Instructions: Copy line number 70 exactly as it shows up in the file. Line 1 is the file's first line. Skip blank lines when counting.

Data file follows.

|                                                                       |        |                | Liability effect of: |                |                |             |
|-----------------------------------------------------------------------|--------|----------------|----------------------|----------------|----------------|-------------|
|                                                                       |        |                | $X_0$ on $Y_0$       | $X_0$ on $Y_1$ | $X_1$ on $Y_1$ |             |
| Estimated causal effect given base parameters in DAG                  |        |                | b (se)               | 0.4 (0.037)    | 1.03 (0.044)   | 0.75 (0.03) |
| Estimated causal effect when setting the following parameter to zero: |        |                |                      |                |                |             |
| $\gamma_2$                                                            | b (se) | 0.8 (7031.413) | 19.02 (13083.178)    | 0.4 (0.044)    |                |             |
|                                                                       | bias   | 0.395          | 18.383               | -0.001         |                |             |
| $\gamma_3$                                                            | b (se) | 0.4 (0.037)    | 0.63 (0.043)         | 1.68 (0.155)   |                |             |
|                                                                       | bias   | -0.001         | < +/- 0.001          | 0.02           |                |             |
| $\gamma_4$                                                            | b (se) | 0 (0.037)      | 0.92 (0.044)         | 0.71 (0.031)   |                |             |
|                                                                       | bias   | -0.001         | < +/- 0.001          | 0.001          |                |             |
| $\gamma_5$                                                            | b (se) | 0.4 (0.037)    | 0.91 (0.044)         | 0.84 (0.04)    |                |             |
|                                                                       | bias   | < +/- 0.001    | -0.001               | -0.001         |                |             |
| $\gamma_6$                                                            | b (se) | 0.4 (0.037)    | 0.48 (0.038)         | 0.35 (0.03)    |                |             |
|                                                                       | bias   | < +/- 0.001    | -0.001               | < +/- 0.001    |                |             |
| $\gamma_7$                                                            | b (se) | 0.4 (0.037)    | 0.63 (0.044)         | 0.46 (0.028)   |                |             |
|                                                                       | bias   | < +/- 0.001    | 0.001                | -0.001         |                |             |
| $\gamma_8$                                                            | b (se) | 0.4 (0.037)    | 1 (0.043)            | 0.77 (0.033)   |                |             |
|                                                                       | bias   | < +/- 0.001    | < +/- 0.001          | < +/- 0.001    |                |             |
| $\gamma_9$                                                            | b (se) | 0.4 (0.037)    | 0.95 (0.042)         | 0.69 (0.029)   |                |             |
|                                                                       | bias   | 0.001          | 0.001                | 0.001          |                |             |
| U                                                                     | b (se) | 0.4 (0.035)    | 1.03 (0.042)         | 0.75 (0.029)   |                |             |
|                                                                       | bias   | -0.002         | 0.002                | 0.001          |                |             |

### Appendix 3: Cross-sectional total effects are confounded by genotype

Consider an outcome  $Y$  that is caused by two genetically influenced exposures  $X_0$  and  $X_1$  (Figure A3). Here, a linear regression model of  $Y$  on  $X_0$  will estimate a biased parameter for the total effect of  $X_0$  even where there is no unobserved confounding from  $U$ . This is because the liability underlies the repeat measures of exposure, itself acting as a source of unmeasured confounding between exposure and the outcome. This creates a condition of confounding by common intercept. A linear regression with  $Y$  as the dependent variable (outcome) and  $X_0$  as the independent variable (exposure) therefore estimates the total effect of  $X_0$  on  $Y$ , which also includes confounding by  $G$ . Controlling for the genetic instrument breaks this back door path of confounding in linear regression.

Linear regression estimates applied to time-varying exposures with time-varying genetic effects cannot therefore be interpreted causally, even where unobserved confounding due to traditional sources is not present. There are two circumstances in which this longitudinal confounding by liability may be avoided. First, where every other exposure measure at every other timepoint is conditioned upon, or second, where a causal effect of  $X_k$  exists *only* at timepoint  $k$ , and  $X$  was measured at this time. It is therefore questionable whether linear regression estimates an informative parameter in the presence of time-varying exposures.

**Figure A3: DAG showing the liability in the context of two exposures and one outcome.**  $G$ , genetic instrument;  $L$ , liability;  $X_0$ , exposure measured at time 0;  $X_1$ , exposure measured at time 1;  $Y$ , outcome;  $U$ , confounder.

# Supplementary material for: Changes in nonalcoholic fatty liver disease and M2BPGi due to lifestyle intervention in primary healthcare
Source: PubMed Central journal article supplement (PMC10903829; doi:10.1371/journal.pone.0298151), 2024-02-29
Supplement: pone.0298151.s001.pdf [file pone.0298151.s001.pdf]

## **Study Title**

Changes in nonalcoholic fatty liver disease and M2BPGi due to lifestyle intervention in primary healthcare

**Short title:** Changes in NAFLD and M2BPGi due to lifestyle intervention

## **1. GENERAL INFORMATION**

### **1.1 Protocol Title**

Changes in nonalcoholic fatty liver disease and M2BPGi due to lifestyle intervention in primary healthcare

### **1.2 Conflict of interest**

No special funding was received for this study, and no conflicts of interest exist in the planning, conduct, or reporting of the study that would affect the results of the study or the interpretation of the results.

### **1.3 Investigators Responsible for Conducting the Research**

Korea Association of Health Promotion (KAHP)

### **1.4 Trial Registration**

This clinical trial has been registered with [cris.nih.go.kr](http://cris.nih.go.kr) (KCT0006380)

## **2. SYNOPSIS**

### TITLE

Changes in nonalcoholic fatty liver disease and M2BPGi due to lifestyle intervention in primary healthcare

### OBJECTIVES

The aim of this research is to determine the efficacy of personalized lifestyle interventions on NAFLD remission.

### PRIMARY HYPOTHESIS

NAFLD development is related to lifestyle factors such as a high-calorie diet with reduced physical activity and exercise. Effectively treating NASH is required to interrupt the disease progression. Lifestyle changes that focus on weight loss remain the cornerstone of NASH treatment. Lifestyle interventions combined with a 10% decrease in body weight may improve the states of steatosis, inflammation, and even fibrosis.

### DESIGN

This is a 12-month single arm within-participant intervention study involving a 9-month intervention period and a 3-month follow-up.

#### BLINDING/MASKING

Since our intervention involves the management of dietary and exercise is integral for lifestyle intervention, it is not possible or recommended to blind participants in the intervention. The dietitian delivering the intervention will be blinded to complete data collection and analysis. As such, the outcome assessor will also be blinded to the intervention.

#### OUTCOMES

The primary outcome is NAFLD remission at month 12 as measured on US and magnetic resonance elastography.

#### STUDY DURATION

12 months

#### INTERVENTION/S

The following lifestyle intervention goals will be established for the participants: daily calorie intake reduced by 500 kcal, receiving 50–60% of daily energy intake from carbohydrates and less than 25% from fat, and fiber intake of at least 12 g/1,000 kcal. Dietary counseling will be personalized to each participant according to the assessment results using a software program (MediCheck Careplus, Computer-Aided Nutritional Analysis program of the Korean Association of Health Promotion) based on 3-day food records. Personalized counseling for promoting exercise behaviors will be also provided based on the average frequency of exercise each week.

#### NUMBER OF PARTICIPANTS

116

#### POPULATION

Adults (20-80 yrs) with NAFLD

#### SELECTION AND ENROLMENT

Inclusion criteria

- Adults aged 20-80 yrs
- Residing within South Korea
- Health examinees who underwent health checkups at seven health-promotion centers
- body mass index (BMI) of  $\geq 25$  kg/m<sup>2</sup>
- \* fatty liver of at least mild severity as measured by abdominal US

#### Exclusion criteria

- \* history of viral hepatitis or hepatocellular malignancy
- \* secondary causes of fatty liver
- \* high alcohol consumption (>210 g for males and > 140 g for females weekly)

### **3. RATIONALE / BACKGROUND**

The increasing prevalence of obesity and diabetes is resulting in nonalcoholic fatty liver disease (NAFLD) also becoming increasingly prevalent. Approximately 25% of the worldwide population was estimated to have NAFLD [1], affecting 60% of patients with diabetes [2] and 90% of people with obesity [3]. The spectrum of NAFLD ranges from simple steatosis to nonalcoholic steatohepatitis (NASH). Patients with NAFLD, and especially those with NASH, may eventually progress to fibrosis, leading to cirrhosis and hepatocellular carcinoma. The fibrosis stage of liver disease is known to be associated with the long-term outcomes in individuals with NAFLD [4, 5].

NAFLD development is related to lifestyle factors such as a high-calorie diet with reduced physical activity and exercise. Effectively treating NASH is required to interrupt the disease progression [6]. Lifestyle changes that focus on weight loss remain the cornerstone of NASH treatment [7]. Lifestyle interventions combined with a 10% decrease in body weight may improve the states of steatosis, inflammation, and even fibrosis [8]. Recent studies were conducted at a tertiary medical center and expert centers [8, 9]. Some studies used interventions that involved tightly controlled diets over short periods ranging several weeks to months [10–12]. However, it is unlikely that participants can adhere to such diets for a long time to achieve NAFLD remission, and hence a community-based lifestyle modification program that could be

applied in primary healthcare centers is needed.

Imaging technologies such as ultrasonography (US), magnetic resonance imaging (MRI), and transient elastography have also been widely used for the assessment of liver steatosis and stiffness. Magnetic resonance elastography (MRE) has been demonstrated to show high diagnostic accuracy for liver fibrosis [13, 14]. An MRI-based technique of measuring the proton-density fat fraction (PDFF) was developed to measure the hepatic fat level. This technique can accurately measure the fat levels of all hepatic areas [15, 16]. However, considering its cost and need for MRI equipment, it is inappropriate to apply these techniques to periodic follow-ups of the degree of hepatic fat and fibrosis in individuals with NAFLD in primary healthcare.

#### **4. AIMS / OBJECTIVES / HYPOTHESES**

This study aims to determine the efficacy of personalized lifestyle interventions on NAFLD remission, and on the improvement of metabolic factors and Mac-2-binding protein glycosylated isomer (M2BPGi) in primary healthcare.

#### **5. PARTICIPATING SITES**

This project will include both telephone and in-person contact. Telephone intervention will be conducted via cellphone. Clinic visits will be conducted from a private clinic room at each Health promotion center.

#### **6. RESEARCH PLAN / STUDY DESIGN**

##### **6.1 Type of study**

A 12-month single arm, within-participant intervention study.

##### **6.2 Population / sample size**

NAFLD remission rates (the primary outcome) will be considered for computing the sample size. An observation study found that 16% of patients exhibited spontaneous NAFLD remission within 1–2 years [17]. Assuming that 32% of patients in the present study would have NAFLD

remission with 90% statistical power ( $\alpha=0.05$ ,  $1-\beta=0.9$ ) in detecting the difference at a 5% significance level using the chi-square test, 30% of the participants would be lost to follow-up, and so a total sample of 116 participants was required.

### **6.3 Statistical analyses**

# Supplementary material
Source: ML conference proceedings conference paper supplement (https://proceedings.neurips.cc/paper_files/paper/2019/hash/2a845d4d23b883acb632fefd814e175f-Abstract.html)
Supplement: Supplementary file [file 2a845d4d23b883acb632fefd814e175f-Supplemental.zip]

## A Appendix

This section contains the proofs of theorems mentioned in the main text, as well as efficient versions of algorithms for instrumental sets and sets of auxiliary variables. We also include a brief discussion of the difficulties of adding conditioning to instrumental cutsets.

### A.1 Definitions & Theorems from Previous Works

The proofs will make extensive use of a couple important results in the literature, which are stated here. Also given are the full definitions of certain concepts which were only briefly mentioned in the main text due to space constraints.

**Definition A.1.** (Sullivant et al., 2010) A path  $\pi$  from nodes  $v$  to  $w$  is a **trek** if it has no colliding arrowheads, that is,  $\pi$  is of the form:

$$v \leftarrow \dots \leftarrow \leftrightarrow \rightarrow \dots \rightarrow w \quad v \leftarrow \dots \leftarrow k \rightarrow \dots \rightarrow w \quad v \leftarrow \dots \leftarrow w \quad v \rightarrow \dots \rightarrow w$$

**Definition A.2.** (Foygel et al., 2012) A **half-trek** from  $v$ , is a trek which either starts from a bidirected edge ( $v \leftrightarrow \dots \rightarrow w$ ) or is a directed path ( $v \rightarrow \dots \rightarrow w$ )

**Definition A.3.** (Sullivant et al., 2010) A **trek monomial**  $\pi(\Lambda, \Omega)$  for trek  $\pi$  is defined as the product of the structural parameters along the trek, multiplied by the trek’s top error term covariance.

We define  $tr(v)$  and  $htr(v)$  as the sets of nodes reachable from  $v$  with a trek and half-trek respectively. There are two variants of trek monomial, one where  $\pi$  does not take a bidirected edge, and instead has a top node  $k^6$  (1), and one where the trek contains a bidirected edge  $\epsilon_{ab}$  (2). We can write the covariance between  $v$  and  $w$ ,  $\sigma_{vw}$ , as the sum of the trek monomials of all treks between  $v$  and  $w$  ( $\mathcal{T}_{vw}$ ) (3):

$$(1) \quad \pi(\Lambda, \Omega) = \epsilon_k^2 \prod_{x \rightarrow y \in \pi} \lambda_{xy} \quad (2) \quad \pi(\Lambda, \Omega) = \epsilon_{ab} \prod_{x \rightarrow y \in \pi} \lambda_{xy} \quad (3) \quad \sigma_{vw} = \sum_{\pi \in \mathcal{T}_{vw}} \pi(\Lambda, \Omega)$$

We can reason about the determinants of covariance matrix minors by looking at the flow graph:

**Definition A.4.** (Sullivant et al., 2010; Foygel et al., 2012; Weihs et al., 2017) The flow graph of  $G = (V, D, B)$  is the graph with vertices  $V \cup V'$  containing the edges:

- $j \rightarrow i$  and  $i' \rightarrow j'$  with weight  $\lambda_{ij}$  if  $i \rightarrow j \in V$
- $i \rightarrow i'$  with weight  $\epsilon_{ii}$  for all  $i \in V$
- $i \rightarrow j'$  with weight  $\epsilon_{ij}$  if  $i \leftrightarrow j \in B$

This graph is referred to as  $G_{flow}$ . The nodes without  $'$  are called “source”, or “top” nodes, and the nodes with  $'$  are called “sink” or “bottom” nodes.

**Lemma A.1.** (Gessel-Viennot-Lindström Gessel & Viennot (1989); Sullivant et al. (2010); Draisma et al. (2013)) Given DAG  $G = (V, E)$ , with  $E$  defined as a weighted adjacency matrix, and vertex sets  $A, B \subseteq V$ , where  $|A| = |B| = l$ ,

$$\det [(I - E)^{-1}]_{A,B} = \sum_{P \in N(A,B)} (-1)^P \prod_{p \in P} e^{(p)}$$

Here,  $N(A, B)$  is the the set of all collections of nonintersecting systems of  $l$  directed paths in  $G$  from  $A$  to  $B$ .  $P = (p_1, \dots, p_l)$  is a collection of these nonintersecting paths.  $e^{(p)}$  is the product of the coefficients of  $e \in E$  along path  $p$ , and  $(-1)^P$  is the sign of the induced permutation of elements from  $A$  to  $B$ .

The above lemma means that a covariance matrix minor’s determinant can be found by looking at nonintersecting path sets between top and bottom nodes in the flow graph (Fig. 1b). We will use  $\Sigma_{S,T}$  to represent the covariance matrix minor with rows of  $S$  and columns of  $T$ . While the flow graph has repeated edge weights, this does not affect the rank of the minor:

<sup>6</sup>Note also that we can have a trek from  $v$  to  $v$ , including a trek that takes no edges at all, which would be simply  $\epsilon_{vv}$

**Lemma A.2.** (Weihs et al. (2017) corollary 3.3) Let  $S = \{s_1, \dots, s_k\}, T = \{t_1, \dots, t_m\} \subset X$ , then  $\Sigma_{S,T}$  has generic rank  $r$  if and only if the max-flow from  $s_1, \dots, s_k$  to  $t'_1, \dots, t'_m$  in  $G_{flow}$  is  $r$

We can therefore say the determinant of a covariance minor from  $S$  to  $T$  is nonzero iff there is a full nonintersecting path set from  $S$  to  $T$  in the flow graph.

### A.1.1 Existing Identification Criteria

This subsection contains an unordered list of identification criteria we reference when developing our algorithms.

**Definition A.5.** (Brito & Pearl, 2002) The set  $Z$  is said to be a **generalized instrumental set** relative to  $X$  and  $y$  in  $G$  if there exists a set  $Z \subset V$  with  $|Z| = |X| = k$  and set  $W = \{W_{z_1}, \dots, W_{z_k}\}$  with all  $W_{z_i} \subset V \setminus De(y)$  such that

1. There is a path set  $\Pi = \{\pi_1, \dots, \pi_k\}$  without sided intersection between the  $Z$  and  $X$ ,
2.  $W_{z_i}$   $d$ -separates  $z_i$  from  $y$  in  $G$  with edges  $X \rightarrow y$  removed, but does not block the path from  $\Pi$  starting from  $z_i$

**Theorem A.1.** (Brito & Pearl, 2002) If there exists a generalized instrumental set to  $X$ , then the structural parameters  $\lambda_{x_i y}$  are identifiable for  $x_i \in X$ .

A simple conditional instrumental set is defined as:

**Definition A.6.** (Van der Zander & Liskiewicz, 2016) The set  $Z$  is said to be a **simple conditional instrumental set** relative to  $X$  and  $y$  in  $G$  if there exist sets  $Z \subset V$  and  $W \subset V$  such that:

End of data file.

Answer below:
- \* fatty liver of at least mild severity as measured by abdominal US